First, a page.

Home Audiology Finding the Right Market for Your Private Practice, Part 1

Finding the Right Market for Your Private Practice, Part 1

by Yvette McCoy
written by

Editor’s note: This is part one of a two-part series. Look for part two: “Growing Your Client Base,” in March.

Private practice is a consistently growing area for communication sciences and disorders (CSD) professionals. Whether making the transition from employee to employer, or changing their current road map for an established business, private practitioners are searching for new ways to compete in today’s market.

Three key ways CSD professionals can make their private practice stand out include finding a niche, diversifying offerings and becoming business savvy.

Creating a competitive edge

One way to create a competitive edge and grow business is by finding a niche. Especially if you live in an area with several practitioners in your profession, it helps to stand out by focusing on a specific area. You might need additional training or specialized certifications, but the business this training can generate offsets cost. Being a specialist also shows evidence of hard work and garners a certain level of respect from clients.

Steps to a Successful Business Plan
Use KPIs to Make Better Business Decisions
Give Them Something to Talk About

Diversification of your professional offerings can also create a competitive edge. By creating multiple streams of revenue, we leverage our skills, increase client reach and create a financially stable business model. Audiologists and speech-language pathologists can offer services including telepractice sessions, public speaking, organizing training seminars, consulting with other service providers, hosting webinars and establishing interdisciplinary collaboration.

Finally, thinking like an entrepreneur also gives your practice a competitive edge. Most audiologists and SLPs didn’t take business courses in school. This can make business decisions feel overwhelming. But if distilled down to the basics, there are three key areas we need to understand: competitive pricing, market area research, and highlighting your unique strengths.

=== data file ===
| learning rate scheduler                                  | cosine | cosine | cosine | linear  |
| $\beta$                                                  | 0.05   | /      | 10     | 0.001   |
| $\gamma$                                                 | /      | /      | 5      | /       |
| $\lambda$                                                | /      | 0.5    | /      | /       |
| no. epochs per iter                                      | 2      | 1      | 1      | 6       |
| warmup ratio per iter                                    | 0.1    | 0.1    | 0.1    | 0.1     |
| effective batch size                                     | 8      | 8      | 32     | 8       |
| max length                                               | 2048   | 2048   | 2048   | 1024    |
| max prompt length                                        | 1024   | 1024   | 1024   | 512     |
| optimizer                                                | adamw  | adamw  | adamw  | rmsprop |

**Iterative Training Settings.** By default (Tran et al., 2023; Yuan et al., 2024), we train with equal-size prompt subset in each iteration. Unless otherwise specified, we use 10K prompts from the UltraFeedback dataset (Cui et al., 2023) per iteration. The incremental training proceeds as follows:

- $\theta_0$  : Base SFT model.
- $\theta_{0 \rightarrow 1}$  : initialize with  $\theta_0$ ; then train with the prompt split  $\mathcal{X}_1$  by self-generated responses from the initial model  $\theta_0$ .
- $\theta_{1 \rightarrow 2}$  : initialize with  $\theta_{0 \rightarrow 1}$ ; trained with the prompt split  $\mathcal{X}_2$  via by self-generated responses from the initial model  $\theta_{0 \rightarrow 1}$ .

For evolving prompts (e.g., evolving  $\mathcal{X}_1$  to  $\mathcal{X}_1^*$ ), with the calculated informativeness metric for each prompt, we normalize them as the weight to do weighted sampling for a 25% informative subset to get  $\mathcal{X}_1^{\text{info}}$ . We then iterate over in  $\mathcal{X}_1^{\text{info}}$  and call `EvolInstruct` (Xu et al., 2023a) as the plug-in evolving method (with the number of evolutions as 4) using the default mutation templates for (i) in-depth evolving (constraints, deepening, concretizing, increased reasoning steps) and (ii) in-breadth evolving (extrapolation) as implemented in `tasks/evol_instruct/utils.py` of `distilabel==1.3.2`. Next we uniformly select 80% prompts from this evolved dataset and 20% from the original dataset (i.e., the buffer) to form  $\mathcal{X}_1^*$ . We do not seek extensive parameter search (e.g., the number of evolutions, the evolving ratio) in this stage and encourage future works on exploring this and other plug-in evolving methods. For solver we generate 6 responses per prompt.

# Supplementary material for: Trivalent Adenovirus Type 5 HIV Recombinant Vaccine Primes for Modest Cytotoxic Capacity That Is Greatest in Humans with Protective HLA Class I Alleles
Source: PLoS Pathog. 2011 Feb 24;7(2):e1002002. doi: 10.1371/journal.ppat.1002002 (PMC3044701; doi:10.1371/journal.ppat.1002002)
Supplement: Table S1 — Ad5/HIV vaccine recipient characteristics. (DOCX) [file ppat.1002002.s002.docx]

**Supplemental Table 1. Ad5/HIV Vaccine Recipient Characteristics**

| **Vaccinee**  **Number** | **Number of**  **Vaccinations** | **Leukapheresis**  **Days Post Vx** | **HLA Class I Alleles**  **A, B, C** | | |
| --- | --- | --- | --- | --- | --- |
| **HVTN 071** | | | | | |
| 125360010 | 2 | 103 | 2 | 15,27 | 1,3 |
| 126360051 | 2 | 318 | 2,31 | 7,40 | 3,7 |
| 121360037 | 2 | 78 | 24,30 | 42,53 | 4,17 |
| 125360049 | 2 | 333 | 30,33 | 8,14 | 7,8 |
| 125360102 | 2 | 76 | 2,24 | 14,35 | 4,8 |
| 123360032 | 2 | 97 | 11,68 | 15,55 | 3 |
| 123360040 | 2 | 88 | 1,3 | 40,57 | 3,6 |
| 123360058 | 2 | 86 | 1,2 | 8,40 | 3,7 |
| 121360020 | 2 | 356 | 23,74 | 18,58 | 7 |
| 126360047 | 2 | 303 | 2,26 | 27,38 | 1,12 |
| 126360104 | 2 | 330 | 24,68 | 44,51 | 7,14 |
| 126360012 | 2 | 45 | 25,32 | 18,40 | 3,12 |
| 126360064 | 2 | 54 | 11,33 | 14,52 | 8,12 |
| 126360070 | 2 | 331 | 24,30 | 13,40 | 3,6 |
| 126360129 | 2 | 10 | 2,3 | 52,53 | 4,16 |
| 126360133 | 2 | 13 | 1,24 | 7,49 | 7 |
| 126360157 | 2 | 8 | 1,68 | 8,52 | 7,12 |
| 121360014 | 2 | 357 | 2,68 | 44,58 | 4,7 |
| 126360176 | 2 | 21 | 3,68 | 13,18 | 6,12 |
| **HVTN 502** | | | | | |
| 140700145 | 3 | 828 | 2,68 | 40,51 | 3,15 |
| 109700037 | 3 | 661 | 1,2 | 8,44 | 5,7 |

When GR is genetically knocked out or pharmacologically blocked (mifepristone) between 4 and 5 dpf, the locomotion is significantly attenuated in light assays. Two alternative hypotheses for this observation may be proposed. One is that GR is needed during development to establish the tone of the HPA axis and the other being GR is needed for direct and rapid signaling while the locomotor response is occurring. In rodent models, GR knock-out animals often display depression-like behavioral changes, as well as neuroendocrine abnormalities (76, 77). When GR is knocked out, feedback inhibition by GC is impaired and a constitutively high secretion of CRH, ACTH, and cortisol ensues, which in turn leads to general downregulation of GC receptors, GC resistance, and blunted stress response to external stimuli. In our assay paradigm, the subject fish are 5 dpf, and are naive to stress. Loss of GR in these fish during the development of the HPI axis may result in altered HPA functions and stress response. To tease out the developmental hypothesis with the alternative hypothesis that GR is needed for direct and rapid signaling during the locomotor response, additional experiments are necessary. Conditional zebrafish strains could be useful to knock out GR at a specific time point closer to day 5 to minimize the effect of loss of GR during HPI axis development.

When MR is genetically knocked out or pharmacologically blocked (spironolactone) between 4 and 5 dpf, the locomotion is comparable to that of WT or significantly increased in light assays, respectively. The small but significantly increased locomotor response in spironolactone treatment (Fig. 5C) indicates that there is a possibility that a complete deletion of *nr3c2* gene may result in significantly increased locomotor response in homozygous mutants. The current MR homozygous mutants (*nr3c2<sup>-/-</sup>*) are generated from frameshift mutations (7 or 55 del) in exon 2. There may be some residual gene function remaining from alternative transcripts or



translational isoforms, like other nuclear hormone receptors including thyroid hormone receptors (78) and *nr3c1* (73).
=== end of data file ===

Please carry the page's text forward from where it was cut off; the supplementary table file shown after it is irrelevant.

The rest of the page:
Finding your niche

You might be concerned that becoming too specialized will result in missing out on business, but it can help you stand out within a potentially crowded market. Three steps will guide you toward a rewarding and potentially profitable niche: identify your professional passion, assess your current knowledge and strengths, and research needs of potential clients/patients in your area.

Specialization is important in finding your niche. Some private practitioners worry their geographic area is saturated with people with the same certifications, but you can broaden your services within an area of specializations.

Geographic saturation should not deter you if you consider the following:

  1. Further differentiate yourself: Seek out unique training, possibly outside our direct field, to broaden your skills and understanding.
  2. Establish credibility: Speak to local organizations and publish information helpful to others locally, nationally and internationally.
  3. Limit competition: Be aware of your competition and find ways you can offer services to better meets the needs of your clients and their families.
  4. Diversify offerings: Offer resources in a variety of formats and on different platforms.

I run a private practice with a specialization in dysphagia. Living in a rural community means patients often travel into the nearest city for specialized dysphagia care. After earning my board certification in swallowing, I began marketing to local physicians, specifically otolaryngologists (ENTs) and neurologists. Developing a specialization within a niche helped propel my practice even further as I became the only clinician within a 75-mile radius to perform fiberoptic endoscopic evaluation of swallowing (FEES).

Tara Roehl, my co-author for this article, owns a private practice focused on social cognition and executive functioning. After a move to a new state, she decided a physical practice didn’t work best for her life as a mom and business owner. So she used her experience with telepractice to expand that aspect of her business. While telepractice continues to grow, telepractice practitioners with her level of training and expertise are hard to find. She networks by speaking at conferences geared toward families, especially those with children in need of her services. By raising awareness to families about social cognition and executive functioning, she helps families realize their child’s needs and places herself as an expert to provide those services.

Make sure potential clients need the niche you select; otherwise, it doesn’t matter how knowledgeable or passionate you become, the market won’t support it.

In part two of this series, we will cover diversification and business acumen. Until then, please share your private practice questions or success stories in the comment section below.

Thank you to contributing author Tara Roehl: Tara Roehl, MS, CCC-SLP, runs a private telepractice in Colorado focusing on social cognition, executive functioning and the use of technology in treatment. She is also co-founder and president of Hacking Autism. She is an affiliate of ASHA Special Interest Group 18, Telepractice, and she blogs at Speechy Keen SLP. tara@speechykeenslp.com


Yvette McCoy, MS, CCC-SLP, BCS-S, owns Speak Well Solutions in Leonardtown, Maryland, and specializes in adult neurological rehabilitation with a special interest in dysphagia and stroke rehabilitation. She is an executive board member for the American Board of Swallowing and Swallowing Disorders. She is also an affiliate of ASHA Special Interest Group 13, Swallowing and Swallowing Disorders. info@speakwellsolutions.com  


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